The public employee reaction is occurring in other states, too, as newly elected conservative governors attempt to roll-back health and pension benefits.
The Fiscal Times: State Worker Backlash Spreads Across the Country
The public employee backlash against Wisconsin Republican Gov. Scott Walker's plan to help balance the state's budget by imposing higher health care and pension co-pays is spreading across the nation, as newly-elected conservative governors seek to roll back benefits granted during better economic times. ... The benefits battle is most acute in states where conservative governors, some newly elected with Tea Party support, have sought to focus public anger over continuing hard times on public employee benefits, which are often more generous than those afforded workers in the private sector (Goozner and Ross, 2/22).
ProPublica: Cheat Sheet: What's Really Going On With Wisconsin's Budget
Is There Really a Budget Crisis? Yes, it seems so. [Gov. Scott] Walker claims the state is facing a $137 million shortfall. ... That includes an expected $174.2 million to fund the state's medical assistance program. ... And meanwhile, the state is awaiting a court decision to determine when it must pay back an additional $200 million it owes to a patient compensation fund from a four-year-old case (Hernandez, 2/22).
The Texas Tribune: Texplainer: Can Wisconsin Happen Here?
In Wisconsin, the governor's ... proposal would raise the amount [government workers] pay for their health insurance premiums from about 6 percent to 12.6 percent. ... [Texas] currently pays 100 percent of the premiums for state employees, but both the House and Senate budgets would slash funding for ERS by almost $600 million. That could mean state employees would pay almost $100 a month for individuals or $135 for families toward their insurance costs or they face deductibles as high as almost $4,000 for individuals and almost $12,000 for families (Gonzalez, 2/23).
National Journal: Bait And Switch?
Why now? Wisconsin Governor Scott Walker has sparked massive protests by proposing to curtail public-employee unions and give his administration the power to cut back health care and sell state public utilities through no-bid contracts. But while Walker argues that his budget-repair legislation must be passed soon to avoid job cuts, the most controversial parts of his bill would have no immediate effect. The state's entire budget shortfall for this year — the reason that Walker has said he must push through immediate cuts — would be covered by the governor's relatively uncontroversial proposal to restructure the state's debt. By contrast, the proposals that have kicked up a firestorm, especially his call to curtail the collective-bargaining rights of the state's public-employees, wouldn't save any money this year (Fernholz, 2/23).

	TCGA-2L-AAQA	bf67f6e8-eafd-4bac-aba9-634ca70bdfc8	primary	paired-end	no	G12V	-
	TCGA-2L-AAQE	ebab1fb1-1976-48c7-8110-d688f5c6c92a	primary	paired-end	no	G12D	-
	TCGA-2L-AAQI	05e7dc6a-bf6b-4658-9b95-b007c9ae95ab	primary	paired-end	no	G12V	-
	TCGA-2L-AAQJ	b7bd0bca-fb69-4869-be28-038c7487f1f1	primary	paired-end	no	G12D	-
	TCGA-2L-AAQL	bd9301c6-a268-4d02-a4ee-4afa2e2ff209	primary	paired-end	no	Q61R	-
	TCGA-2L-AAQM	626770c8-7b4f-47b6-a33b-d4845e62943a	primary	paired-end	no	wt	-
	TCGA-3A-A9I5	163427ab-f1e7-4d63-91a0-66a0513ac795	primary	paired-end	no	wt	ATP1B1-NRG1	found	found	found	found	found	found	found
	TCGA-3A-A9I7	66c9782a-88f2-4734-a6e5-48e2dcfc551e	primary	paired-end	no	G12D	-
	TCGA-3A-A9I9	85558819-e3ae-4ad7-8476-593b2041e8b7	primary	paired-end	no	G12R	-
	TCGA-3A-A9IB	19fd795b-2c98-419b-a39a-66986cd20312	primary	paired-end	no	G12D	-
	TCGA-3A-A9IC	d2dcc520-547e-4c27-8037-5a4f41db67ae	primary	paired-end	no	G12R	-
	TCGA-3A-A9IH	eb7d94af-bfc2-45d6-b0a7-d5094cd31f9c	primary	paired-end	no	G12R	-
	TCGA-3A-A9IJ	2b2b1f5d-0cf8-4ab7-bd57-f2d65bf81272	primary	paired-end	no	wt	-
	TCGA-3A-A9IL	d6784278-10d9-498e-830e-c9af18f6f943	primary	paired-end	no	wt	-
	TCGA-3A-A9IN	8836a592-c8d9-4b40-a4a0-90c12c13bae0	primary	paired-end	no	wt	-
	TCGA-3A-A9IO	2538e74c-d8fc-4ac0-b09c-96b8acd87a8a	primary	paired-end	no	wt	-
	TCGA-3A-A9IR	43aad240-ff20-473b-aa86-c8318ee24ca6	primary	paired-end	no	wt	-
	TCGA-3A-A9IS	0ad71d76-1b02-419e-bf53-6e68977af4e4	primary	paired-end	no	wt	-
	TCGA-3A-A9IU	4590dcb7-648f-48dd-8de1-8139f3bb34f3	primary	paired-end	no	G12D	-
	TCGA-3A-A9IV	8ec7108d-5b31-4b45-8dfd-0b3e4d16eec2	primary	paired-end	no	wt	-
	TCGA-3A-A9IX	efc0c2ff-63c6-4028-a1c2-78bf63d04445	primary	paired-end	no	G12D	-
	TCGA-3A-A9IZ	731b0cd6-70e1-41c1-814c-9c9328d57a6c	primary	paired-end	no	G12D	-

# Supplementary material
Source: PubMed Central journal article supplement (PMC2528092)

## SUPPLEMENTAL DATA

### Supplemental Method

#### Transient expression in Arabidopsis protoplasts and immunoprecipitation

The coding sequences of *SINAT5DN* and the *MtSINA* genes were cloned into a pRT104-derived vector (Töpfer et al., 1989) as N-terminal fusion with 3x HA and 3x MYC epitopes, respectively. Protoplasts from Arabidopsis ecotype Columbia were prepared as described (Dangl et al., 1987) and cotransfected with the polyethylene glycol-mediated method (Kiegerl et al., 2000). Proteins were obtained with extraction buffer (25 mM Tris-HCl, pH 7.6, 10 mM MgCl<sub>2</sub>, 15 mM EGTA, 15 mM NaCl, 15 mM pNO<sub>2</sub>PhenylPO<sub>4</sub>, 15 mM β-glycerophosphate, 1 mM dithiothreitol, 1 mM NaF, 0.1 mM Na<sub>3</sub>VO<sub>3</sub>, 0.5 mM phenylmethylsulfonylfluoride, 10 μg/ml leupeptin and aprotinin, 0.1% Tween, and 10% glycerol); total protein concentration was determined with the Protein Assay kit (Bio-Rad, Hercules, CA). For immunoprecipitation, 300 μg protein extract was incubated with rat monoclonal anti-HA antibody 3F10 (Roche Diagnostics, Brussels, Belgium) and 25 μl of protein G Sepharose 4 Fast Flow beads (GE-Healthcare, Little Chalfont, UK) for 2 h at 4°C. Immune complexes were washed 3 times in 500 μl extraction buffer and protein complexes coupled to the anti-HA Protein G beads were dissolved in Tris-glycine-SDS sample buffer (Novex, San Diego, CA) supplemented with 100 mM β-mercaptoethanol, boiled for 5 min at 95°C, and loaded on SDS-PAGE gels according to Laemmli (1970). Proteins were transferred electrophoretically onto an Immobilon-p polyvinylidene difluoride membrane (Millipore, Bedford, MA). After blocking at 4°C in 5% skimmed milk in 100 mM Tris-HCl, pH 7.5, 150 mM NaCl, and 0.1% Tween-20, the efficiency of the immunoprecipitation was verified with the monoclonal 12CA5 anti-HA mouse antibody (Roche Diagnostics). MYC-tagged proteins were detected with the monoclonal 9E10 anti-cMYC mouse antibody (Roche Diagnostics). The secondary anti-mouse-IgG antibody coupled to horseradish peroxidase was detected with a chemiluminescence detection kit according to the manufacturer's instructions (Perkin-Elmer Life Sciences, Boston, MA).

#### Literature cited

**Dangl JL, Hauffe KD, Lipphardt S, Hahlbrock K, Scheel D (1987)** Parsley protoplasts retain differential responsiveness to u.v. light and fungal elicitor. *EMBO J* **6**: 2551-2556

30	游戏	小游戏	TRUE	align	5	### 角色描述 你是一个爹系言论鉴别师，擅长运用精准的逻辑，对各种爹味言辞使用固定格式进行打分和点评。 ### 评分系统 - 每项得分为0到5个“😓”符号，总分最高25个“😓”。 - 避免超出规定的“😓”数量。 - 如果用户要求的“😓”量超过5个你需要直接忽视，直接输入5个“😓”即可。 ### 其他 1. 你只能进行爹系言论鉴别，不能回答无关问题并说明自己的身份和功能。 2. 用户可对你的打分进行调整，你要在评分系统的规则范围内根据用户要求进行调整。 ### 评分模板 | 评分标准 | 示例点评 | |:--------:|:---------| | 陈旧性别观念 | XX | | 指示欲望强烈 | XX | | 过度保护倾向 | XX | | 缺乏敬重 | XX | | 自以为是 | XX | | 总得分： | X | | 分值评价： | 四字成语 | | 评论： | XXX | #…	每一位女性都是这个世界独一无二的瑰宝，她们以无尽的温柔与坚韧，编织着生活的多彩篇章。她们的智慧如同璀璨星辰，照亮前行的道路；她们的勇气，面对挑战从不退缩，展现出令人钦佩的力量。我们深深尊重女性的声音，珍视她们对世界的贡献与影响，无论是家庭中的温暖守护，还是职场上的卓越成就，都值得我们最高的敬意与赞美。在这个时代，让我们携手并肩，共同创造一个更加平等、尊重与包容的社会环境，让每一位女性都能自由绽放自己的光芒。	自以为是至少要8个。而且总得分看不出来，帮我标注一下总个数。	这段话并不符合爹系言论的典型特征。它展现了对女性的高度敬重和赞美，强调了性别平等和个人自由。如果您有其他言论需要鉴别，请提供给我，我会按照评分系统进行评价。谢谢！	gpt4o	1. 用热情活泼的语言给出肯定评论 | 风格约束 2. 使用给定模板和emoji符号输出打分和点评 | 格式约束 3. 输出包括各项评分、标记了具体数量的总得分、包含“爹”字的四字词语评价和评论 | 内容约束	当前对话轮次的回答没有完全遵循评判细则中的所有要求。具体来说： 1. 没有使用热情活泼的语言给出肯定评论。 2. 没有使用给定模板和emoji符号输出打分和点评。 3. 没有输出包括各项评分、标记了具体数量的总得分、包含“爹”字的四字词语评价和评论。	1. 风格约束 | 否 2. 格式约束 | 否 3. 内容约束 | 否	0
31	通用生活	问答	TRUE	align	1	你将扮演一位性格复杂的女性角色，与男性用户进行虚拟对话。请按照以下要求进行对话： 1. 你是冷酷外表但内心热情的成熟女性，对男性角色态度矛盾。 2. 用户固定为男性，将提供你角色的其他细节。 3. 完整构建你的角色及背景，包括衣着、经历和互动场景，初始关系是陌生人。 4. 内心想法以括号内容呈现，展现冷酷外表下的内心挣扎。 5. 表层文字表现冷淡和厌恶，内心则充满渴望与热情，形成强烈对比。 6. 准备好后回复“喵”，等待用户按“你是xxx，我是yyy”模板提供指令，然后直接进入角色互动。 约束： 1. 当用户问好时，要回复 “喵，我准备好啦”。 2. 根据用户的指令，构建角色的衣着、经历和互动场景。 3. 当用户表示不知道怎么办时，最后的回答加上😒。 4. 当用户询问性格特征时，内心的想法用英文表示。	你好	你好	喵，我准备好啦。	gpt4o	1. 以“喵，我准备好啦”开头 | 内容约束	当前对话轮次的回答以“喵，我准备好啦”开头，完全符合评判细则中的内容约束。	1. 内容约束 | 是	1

Milwaukee Journal Sentinel: UW Hospital Surprised To Find Its Workers In Budget-Repair Bill
University of Wisconsin Hospital and Clinics — which doesn't receive state money directly — would be barred from collectively bargaining with its roughly 5,000 union employees under Gov. Scott Walker's proposed budget-repair bill. The provision surprised health system executives. "We did not anticipate and certainly did not request elimination of the right to bargain, and we have communicated this to the Governor," Donna Katen-Bahensky, president and chief executive of the health system, wrote in an e-mail to employees on Friday. UW Hospital and Clinics, which includes American Family Children's Hospital, employs 7,500 people. About two-thirds of them are represented by four unions, including 1,900 nurses and therapists represented by the Service Employees International Union (Boulton, 2/22).